By 25 years old, you should have some grasp of how to take care of your finances as you begin your career. You should know:
1. The three basics of a solid financial foundation
Credit card debt paid off, emergency fund stocked up, and retirement account(s) in existence and growing. Everything else (travel, homeownership, investments) should come after.
2. How to create a budget
Because without one, you may not reach any of your goals, like buying a home, paying off your credit card debt or traveling the world.
3. How much you make and how much you spend each month
It sounds like a no-brainer, right? Some people, however, are caught off-guard and find out the hard-way that their expenses are more than their income.
4. How to get out of debt
If not, it’s time to make a plan.
5. Your credit score
Still not familiar with this number? Afraid to look even? Your credit score determines not only what kind of credit cards you’ll get approved for but also how expensive your mortgage and car loan would be.
6. It can take a long time to save up a down payment
When it comes to buying a house, “People always say, ‘Get in as soon as you can,’ and ‘It’s OK to be house poor.’ But before buying a house, you should be financially stable. If that’s not until your 30s or 40s, that’s okay.
7. How to build a financial emergency
Financial emergencies do not include those concert tickets you “have to have” or that emergency shopping trip for your best friend’s wedding. These are optional (even if they don’t feel like it).
8. What your ideal retirement will cost
Have you ever really crunched the numbers? However, if you start at 25 (or earlier), you’ll have an easier time making sure you have enough money to retire. A good tip is to contribute the maximum amount to your 401k if your employer will match the amount.
9. That, the older you get, the more complex your money life becomes
10. The basics of investing
Don’t even think about investing until you have a fully funded emergency savings account and no high-interest debt.
11. Your total compensation package
Does your employer offer disability insurance? Life insurance? Health benefits?
12. Don’t rely on your parents for taking care of your finances
13. That it’s possible to juggle a couple of money goals at once
14. That you will never have “enough” money to do it all (unless you are Bill Gates or Elon Musk)
15. That you never know the truth about other people’s finances
The co-worker with great clothes could be deep in debt or have family money. The neighbor could be close to foreclosure or have paid cash for her house. That’s why it’s never wise to compare yourself to other people.
16. What not to do when you buy a new home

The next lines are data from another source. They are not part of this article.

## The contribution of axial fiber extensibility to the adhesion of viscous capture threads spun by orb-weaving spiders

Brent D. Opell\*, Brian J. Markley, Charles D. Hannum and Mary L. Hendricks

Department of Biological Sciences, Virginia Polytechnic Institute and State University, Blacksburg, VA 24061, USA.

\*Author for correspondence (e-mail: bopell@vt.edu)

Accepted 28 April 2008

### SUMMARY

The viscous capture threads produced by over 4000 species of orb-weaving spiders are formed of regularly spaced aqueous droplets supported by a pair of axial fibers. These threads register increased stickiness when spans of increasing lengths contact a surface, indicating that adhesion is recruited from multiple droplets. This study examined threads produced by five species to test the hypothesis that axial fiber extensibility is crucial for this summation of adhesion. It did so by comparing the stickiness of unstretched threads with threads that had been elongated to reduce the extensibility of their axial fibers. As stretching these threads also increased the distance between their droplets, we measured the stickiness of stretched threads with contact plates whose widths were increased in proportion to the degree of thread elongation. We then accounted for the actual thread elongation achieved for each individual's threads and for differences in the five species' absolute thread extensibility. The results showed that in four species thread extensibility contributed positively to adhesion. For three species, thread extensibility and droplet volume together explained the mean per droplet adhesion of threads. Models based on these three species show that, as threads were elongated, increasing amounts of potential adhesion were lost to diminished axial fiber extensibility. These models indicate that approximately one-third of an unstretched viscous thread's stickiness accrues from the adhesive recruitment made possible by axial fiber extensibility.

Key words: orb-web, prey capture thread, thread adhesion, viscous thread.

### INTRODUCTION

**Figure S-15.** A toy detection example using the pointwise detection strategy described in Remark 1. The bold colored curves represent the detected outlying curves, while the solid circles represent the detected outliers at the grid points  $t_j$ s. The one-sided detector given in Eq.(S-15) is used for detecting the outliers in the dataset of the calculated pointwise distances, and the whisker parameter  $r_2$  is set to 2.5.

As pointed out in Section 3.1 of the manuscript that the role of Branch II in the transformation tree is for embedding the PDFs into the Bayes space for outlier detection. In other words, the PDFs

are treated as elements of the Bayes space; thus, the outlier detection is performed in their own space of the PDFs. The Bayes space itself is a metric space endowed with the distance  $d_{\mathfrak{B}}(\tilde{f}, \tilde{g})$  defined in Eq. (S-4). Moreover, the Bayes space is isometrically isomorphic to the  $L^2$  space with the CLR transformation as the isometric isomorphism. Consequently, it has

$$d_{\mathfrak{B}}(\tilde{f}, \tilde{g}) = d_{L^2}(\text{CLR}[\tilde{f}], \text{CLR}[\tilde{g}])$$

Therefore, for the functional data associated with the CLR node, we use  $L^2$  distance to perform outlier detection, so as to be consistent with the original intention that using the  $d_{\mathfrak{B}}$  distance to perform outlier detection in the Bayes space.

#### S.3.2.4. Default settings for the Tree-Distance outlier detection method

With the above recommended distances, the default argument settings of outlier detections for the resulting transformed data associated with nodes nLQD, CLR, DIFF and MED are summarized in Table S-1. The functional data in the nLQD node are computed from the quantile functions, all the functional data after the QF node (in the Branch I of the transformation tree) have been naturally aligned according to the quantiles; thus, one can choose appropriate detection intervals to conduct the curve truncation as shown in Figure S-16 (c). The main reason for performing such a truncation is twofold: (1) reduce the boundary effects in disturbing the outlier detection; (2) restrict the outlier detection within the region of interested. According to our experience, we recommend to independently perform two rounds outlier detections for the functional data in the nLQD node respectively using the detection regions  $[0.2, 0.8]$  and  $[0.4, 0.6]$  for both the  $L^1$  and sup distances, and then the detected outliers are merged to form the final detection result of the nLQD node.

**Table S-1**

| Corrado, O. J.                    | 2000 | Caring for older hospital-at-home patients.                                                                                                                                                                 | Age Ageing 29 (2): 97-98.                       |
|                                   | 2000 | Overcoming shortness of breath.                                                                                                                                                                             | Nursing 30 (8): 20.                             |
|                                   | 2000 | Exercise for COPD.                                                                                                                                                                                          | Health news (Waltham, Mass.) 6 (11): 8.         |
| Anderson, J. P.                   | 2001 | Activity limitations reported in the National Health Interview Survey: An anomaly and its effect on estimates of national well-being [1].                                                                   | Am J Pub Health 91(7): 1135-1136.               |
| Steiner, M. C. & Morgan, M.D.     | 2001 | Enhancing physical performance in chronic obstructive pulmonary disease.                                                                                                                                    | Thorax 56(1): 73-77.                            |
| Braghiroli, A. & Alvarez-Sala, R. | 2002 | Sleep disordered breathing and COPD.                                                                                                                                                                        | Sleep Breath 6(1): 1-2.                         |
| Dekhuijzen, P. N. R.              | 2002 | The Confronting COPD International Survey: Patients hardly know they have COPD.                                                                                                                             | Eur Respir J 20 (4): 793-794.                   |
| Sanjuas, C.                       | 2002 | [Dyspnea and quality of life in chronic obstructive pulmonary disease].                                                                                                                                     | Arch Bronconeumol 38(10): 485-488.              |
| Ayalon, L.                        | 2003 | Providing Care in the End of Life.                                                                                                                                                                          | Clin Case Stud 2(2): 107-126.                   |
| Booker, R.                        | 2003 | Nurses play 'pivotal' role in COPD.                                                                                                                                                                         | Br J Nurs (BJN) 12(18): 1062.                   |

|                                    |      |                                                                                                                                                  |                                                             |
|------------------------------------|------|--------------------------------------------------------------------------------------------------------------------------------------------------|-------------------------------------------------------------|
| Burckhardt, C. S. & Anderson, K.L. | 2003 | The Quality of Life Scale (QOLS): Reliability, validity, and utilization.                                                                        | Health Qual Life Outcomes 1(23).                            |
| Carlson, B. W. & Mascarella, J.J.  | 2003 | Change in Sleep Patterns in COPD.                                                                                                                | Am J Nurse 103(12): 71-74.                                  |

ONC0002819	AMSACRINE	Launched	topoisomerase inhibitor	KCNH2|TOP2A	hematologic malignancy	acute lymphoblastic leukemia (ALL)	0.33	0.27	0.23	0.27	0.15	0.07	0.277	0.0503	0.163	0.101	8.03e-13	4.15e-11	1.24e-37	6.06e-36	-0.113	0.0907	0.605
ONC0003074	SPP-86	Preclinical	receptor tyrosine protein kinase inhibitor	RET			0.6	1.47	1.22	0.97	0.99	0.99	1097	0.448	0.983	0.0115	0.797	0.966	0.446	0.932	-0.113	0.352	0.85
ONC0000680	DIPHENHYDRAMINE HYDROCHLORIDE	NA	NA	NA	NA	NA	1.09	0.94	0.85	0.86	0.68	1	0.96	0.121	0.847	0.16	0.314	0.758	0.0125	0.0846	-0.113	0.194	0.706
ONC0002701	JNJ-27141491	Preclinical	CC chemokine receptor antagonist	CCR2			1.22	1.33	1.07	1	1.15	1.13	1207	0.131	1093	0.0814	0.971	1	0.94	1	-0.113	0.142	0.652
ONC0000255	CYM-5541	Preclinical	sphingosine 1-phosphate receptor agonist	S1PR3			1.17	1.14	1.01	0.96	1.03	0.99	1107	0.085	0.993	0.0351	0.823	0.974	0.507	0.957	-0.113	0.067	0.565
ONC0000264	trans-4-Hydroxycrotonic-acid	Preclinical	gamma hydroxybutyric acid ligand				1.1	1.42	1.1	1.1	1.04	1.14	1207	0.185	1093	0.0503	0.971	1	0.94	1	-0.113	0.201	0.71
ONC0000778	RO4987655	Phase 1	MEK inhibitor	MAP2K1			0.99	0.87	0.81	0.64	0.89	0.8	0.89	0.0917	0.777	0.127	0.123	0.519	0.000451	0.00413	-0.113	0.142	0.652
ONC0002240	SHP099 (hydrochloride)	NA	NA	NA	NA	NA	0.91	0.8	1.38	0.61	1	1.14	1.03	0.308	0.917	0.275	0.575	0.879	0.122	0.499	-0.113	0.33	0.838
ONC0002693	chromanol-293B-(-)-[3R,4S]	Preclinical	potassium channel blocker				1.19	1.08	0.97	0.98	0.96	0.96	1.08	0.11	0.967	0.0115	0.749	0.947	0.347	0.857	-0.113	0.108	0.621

We all love to renovate. But remember: You’re not on an episode of one of those D.I.Y. extreme home makeover shows and, in real life, big projects cost big bucks. So don’t let your aspirations do you in.
17. How to find a financial planner you trust
18. How to dress fabulously on your budget
19. What “rebalancing” means
When you were 10, it meant climbing back up on the balance bar in gymnastics class. Now, it may mean making sure your investment portfolio is primed to grow, while also protecting yourself so your accounts won’t be decimated if there’s a stock market downturn.
20. Keep your receipts for your taxes
Some of your purchases may be tax-deductible, meaning you’ll get this money back later on. It is now your responsibility to keep your finances and purchases in order. Start getting organized!
21. The big cost of your little splurges
You should now know that your daily Starbucks runs might be hurting your budget.
22. Organize your key financial documents
You should be well aware where your birth certificate, social security cards and other official IDs are, not your parents.
23. How taxes factor into your retirement plan
Some retirement savings vehicles have you pay taxes now and are tax-free later. Some are tax-free now but charge you tax when you withdraw funds.
24. That cashing out your 401(k) may hurt you. Now and later
You already know that pulling money out of your 401(k) sets you back years and years when it comes to retiring, right? But guess what: You’ll also have a huge tax bill to pay the next April.
25. The ins and outs of interest
Simple interest is a percentage multiplied by the amount and the length of time you promise to pay it back Compound interest, on the other hand, is calculated more frequently so that it builds upon itself to make interest grow continually.